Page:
Seen at The Festival of the Tree

...if you would be happy all your life, plant a garden - Chinese proverb

Monday, 7 November 2011

An Evening With Bob Brown Part II

Last week I summarised Bob Brown's reasons why perennials often don't propagate well via seed. This time I'm summarising the remaining top tips from his recent talk at Bath University Gardening Club.

Bob took us through a month by month tour of some of his favourite plants and the best way he's found to propagate them. Sadly we only had time to get to May!

Propagation
  • January: Sarcococca confusa - an example of a perennial which can be propagated from seed - found in the plant's black berries. Sow fresh after cleaning them, on top of compost and top dress with grit (the latter prevents algal growth)
  • February: Miscanthus x Giganteus - divide plants when they're just about to start to grow. This allows the plants to grow out of the stress from division
  • February: Snowdrops - divide clumps of bulbs into smaller ones and replant. This can be done pretty much at any time, but avoid dry bulbs. Another recommended propagation method is twin-scaling, but this is best when the bulb is starting to grow. For snowdrops this is August/September time. Also ensure a portion of the bulb's basal plate is included in each scale
  • March: Salvia nemorosa 'Caradonna' - Bob told us this plant has very recently been awarded the RHS AGM. It grows from a single stem, so is unsuitable for division. Bob finds these are best propagated via basal cuttings
  • April: Arisaema candidissimum - another candidate for division by Bob, though the link given recommends seed or planting up offsets in the autumn
  • May: Agapanthus 'Jack's Blue' and Kniphofia 'H. E. Beale' - division
  • May: Tibouchina urvilleana - softwood cuttings i.e. from the tip of the new season's growth
Other observations
  • The propagation method chosen and timing are designed to provide the least amount of stress to the plant. Thus avoid flowering times (because the plant is concentrating on reproducing itself) and the end of the growing season (the plant won't get a chance to grow away strongly afterwards)
  • Softwood, semi-ripe and hardwood cuttings are essentially taken from the same season's growth, but the type of cutting obtained depends on the time of year. Thus softwood cuttings are usually taken up to mid-summer; semi-ripe (tip is soft, but the base is hard) from late summer to mid-autumn; and hardwood (all the cutting is hard) from mid-autumn to late winter, often when the plant is dormant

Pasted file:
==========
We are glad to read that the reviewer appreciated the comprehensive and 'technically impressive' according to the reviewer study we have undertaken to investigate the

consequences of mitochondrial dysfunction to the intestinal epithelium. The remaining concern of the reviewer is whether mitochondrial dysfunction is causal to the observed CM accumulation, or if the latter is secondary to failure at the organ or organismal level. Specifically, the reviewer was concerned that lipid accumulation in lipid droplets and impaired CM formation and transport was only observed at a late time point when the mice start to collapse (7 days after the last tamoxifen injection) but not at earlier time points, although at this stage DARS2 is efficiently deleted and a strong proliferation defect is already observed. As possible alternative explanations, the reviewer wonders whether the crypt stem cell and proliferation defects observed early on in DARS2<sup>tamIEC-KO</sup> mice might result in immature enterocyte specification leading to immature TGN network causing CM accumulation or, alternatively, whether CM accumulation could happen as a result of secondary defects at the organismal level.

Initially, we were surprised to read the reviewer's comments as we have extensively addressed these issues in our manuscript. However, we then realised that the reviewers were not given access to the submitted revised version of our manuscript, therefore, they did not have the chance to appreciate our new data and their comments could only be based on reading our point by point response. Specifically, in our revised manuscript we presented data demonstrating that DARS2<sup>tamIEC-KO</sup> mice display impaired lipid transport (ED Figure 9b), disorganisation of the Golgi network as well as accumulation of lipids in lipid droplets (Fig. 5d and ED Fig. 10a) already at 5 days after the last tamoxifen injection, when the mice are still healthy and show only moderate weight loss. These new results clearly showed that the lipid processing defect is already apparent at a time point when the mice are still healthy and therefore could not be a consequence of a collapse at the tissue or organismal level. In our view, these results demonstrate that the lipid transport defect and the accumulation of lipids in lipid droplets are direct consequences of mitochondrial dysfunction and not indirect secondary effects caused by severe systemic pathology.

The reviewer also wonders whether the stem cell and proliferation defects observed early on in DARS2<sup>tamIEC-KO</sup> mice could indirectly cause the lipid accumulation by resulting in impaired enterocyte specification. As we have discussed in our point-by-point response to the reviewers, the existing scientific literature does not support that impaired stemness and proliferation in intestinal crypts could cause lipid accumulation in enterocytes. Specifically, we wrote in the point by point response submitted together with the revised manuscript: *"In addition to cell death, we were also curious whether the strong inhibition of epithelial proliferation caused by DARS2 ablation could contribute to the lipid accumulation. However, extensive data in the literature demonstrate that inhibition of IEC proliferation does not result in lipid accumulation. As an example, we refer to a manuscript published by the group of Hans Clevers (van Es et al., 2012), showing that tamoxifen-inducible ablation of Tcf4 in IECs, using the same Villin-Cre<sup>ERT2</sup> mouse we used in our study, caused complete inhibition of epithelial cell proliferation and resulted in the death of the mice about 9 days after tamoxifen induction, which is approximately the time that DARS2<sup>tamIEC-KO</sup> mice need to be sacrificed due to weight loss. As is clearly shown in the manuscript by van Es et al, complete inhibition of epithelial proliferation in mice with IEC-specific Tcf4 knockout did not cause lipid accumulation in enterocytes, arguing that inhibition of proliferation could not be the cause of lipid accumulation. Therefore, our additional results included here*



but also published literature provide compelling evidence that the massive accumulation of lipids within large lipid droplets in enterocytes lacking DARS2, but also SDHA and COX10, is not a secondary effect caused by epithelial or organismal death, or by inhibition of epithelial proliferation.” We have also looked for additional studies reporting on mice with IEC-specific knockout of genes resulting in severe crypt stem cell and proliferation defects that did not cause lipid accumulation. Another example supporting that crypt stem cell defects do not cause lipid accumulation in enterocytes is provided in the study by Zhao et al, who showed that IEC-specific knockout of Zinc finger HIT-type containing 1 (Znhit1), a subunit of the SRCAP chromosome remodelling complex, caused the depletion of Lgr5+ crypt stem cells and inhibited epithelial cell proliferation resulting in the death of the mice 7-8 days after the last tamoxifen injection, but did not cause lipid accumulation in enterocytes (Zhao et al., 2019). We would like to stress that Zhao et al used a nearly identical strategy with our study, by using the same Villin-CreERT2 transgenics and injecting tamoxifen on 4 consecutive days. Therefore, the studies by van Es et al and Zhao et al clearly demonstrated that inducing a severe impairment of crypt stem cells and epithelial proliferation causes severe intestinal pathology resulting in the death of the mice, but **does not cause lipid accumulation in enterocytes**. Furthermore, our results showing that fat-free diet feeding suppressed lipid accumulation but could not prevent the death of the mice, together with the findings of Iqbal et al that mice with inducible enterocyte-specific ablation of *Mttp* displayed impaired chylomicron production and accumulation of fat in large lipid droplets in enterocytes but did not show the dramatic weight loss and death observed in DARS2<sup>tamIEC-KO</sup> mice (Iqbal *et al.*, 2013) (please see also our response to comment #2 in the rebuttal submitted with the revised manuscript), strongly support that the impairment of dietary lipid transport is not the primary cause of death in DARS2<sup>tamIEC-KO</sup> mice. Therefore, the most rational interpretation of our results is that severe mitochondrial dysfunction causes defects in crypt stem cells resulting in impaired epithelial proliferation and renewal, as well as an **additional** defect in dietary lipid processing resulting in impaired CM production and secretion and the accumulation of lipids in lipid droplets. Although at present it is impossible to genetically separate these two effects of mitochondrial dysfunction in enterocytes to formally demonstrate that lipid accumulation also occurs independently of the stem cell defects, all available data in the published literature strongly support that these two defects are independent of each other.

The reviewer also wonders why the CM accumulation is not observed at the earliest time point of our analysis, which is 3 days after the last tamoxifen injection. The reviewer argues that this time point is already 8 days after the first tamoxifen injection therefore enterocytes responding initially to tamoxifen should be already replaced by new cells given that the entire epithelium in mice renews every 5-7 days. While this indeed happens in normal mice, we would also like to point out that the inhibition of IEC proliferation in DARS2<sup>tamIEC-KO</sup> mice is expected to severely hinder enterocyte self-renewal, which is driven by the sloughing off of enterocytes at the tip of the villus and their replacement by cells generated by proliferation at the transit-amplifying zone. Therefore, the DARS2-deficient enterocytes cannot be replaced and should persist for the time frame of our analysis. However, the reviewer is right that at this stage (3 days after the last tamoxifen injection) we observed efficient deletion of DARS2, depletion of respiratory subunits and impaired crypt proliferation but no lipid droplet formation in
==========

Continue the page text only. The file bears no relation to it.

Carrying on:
• If only leaves are obtained when pulling up a bulb, these can be potted up and a bulb will form
  • When dividing potted plants, take them out of the pot and divide from the bottom of the roots upwards. This minimises stress on the plant and ensures less plant material is wasted
  • Bob doesn't use peat based composts as there's problems with sciarid fly if he does and seedlings don't grow so strongly
  • There's no need to use hormone rooting powder with cuttings - he and his staff have found it makes no different to the end result
  • Using pot feet under overwintering pots leads to waterlogging. Apparently leaving pots standing on soil or concrete allows excess water to be wicked away. I haven't had any problems with not using them either. Bob also said using broken pots and polystyrene in the pots may also lead to waterlogging
  • The nursery cat is tax deductible!
Sadly Bob only spoke for an hour and we all could have listened for a lot longer. Tim Matcham was also there - here's his view on the evening :)

6 comments:

  1. Sounds like you had a thoroughly entertaining and educational evening! Love all the tips you've come back with: I didn't know top dressing with grit prevented algae or that fungal gnats were worse with peat based compost, both of which I'll bear in mind. (Yes, I am trying to avoid peat based compost but will now try harder!)

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  2. Caro - it was a great evening :) Bob has a very dry sense of humour which sadly I didn't capture in my frenzied note taking. The tax deductible cat is just 1 example from many.

    I thought the peat remark was a good one to include as it shows there are other sound reasons not to use it for those not convinced by the environmental ones.

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  3. One week in and going strong. Bath University Garden Club sounds posh!

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  4. Sounds like one of those talks where you get cramp you are writing so fast trying to capture everything! I am envious...

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  5. Sounds as though it was a very interesting talk - thanks for giving us a summary. I didn't know about new bulbs forming just from leaves, or that pot feet increase likelihood of waterlogging - I don't use them but have often wondered whether I should.

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  6. Mark - thanks and so are you. The club's open to anyone interested in gardening and gets top notch speakers :)

    Janet - you almost didn't get the last plant because my handwriting was illegible. Luckily the first 3 letters of the name (and how unusual it is) were enough for me to be able to find it in one of my plant books.

    Juliet - I can't wait to try that one out as my impatience when digging bulbs up often means I end up with a hand full of leaves somewhere down the line. Like you, I'd wondered about getting some pot feet, but in future I can remember Bob telling us they're a marketing ploy whenever I'm tempted

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